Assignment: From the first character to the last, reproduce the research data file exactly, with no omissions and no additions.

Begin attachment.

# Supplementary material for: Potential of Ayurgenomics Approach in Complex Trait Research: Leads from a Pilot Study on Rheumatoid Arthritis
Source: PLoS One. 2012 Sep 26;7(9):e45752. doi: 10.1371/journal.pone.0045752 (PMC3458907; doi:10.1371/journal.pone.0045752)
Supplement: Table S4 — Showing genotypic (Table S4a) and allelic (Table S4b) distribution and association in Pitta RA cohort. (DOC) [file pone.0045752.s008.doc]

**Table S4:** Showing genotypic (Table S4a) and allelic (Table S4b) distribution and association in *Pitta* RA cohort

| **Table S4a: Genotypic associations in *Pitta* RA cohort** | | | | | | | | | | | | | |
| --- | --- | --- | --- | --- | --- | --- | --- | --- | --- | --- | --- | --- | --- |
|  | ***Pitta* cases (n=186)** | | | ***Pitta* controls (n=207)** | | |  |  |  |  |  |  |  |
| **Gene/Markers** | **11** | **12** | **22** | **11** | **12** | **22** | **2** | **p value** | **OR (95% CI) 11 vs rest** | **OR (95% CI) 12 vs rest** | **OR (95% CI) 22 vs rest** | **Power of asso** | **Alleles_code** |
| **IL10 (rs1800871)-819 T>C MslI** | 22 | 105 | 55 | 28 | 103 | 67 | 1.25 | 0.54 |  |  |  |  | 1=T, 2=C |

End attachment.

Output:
# Supplementary material for: Potential of Ayurgenomics Approach in Complex Trait Research: Leads from a Pilot Study on Rheumatoid Arthritis
Source: PLoS One. 2012 Sep 26;7(9):e45752. doi: 10.1371/journal.pone.0045752 (PMC3458907; doi:10.1371/journal.pone.0045752)
Supplement: Table S4 — Showing genotypic (Table S4a) and allelic (Table S4b) distribution and association in Pitta RA cohort. (DOC) [file pone.0045752.s008.doc]

**Table S4:** Showing genotypic (Table S4a) and allelic (Table S4b) distribution and association in *Pitta* RA cohort

| **Table S4a: Genotypic associations in *Pitta* RA cohort** | | | | | | | | | | | | | |
| --- | --- | --- | --- | --- | --- | --- | --- | --- | --- | --- | --- | --- | --- |
|  | ***Pitta* cases (n=186)** | | | ***Pitta* controls (n=207)** | | |  |  |  |  |  |  |  |
| **Gene/Markers** | **11** | **12** | **22** | **11** | **12** | **22** | **2** | **p value** | **OR (95% CI) 11 vs rest** | **OR (95% CI) 12 vs rest** | **OR (95% CI) 22 vs rest** | **Power of asso** | **Alleles_code** |
| **IL10 (rs1800871)-819 T>C MslI** | 22 | 105 | 55 | 28 | 103 | 67 | 1.25 | 0.54 |  |  |  |  | 1=T, 2=C |